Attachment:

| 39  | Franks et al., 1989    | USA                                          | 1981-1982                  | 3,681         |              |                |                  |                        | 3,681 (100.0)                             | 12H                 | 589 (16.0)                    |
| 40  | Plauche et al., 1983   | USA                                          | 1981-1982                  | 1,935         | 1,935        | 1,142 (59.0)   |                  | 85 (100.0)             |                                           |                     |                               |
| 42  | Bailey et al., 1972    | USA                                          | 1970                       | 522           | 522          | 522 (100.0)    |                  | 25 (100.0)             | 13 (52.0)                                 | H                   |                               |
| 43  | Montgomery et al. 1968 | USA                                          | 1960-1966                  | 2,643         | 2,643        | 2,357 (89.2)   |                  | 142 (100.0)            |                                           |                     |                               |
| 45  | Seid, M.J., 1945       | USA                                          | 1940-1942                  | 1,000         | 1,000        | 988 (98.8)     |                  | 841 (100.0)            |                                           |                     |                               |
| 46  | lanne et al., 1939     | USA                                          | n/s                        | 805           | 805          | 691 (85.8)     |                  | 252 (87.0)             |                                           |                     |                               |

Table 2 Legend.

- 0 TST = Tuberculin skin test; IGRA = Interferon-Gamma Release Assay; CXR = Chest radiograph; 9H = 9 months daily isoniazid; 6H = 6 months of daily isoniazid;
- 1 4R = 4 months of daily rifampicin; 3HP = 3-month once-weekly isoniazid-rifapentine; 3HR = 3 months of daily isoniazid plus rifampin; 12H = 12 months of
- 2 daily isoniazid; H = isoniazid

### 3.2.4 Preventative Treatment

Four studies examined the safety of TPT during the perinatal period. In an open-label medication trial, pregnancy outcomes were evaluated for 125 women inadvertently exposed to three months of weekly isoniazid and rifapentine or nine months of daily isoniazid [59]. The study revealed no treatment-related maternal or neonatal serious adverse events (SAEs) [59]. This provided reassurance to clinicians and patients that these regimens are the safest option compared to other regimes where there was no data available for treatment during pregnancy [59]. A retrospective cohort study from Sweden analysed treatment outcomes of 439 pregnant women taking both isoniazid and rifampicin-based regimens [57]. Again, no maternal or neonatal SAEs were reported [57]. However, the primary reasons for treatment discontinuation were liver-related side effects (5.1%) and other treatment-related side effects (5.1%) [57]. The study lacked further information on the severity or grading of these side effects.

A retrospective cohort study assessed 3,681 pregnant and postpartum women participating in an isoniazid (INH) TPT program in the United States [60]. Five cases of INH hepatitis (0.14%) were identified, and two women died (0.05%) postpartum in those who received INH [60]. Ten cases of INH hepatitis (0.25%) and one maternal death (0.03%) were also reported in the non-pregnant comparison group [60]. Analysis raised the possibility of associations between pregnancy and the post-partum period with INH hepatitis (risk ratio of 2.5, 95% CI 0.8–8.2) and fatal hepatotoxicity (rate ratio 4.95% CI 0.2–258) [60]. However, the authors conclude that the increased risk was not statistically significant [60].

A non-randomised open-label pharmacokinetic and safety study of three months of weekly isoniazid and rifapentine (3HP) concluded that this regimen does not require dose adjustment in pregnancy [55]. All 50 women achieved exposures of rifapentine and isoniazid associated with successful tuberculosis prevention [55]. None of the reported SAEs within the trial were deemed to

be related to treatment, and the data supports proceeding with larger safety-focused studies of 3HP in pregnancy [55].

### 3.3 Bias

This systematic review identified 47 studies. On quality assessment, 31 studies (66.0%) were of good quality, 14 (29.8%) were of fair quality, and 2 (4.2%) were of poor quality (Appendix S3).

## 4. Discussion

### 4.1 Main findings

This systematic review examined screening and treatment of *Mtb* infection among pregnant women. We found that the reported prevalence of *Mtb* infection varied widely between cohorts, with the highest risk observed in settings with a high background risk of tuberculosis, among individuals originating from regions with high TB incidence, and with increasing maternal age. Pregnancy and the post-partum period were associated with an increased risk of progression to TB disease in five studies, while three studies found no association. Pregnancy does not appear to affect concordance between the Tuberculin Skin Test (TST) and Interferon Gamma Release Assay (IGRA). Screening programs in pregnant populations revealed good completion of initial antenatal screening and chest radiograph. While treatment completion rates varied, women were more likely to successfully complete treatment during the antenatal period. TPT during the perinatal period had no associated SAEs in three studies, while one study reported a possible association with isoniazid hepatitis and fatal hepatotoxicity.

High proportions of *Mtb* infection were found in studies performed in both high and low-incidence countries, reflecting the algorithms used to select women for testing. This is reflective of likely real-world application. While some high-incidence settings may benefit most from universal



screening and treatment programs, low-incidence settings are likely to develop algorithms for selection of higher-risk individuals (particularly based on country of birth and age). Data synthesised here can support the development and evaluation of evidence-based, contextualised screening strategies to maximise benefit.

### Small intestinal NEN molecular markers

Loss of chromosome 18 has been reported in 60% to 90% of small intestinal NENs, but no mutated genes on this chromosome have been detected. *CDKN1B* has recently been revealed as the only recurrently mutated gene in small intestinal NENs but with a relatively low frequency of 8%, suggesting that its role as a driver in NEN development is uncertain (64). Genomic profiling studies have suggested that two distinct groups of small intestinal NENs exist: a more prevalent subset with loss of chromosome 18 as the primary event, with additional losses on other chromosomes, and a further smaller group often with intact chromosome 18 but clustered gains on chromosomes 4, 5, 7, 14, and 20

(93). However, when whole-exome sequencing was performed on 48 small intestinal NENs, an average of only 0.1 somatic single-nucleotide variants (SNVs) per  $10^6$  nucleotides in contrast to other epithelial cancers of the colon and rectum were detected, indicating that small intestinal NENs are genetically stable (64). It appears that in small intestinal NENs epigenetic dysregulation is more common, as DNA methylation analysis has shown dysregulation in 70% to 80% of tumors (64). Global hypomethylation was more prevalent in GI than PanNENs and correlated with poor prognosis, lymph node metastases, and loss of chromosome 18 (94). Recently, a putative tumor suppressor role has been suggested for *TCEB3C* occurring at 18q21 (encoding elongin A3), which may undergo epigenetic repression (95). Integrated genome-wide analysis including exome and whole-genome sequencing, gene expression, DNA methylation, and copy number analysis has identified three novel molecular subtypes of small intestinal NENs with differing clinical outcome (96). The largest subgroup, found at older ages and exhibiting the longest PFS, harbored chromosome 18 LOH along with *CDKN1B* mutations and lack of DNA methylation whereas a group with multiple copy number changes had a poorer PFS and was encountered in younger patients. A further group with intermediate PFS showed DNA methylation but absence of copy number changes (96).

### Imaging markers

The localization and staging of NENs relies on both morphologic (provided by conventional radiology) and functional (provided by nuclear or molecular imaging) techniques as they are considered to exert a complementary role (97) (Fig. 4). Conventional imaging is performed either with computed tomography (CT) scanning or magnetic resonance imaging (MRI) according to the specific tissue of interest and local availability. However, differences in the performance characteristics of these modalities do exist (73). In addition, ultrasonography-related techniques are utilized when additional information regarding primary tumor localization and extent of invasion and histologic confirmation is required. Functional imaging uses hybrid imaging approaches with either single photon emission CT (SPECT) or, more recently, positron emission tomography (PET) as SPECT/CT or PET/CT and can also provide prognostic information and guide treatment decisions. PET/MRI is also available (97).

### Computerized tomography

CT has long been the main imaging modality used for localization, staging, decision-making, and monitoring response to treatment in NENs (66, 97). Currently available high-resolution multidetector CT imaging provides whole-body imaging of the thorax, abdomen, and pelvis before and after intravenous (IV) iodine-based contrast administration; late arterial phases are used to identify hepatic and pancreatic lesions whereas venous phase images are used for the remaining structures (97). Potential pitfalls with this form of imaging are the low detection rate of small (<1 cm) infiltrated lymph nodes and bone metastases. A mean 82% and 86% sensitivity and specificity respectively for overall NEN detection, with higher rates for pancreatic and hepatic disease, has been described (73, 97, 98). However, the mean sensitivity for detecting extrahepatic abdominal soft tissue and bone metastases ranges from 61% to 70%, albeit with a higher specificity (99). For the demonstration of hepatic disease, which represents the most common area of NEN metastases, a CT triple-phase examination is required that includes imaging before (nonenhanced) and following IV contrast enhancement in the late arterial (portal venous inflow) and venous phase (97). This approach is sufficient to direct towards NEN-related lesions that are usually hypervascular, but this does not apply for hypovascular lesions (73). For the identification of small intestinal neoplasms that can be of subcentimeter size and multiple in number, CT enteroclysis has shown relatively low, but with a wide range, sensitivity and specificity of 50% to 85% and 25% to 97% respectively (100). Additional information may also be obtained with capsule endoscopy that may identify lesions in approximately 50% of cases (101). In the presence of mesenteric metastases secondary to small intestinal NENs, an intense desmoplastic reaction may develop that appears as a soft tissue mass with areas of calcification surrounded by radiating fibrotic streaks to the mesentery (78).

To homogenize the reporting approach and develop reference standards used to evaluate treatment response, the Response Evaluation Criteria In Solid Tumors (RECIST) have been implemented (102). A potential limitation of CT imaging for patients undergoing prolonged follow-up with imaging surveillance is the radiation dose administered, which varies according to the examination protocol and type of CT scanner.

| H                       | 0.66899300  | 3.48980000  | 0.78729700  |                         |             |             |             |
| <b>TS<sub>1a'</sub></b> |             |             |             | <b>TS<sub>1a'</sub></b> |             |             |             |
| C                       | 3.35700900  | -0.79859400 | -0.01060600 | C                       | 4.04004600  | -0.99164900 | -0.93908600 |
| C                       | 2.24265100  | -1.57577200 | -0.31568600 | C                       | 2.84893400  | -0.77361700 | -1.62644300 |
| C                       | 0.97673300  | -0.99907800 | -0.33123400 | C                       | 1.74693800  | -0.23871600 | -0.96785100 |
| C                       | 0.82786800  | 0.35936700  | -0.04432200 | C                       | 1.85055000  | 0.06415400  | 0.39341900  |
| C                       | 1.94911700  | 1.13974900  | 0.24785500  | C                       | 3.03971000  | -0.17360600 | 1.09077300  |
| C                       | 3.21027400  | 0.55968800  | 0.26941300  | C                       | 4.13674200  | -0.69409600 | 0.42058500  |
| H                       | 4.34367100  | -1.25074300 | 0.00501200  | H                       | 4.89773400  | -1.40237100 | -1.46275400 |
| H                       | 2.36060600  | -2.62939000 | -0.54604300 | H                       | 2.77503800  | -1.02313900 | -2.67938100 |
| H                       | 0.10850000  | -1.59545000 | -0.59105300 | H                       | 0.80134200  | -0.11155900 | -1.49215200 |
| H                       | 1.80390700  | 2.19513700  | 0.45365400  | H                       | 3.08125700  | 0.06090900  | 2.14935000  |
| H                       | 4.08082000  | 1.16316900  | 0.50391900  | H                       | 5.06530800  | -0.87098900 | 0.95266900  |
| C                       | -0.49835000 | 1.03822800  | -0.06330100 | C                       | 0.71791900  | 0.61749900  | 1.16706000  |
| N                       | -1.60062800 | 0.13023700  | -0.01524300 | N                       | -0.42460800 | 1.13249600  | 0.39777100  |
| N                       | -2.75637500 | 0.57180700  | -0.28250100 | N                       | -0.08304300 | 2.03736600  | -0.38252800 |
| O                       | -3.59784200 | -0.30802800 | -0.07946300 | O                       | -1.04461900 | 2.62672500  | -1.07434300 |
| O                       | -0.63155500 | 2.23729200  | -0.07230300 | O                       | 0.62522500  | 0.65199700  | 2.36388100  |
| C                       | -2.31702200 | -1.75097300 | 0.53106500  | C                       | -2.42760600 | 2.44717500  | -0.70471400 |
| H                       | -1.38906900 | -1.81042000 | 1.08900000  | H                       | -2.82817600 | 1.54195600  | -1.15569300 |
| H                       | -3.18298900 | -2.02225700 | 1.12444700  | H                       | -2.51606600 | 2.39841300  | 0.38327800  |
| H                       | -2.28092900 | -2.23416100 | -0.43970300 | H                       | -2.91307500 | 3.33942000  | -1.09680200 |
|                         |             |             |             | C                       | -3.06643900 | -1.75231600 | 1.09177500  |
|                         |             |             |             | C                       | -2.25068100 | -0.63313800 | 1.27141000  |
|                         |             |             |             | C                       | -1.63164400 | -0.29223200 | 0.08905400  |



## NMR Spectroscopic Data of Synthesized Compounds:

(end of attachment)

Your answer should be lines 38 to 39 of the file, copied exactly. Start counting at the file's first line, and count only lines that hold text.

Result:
| C                       | 3.21027400  | 0.55968800  | 0.26941300  | C                       | 4.13674200  | -0.69409600 | 0.42058500  |
| H                       | 4.34367100  | -1.25074300 | 0.00501200  | H                       | 4.89773400  | -1.40237100 | -1.46275400 |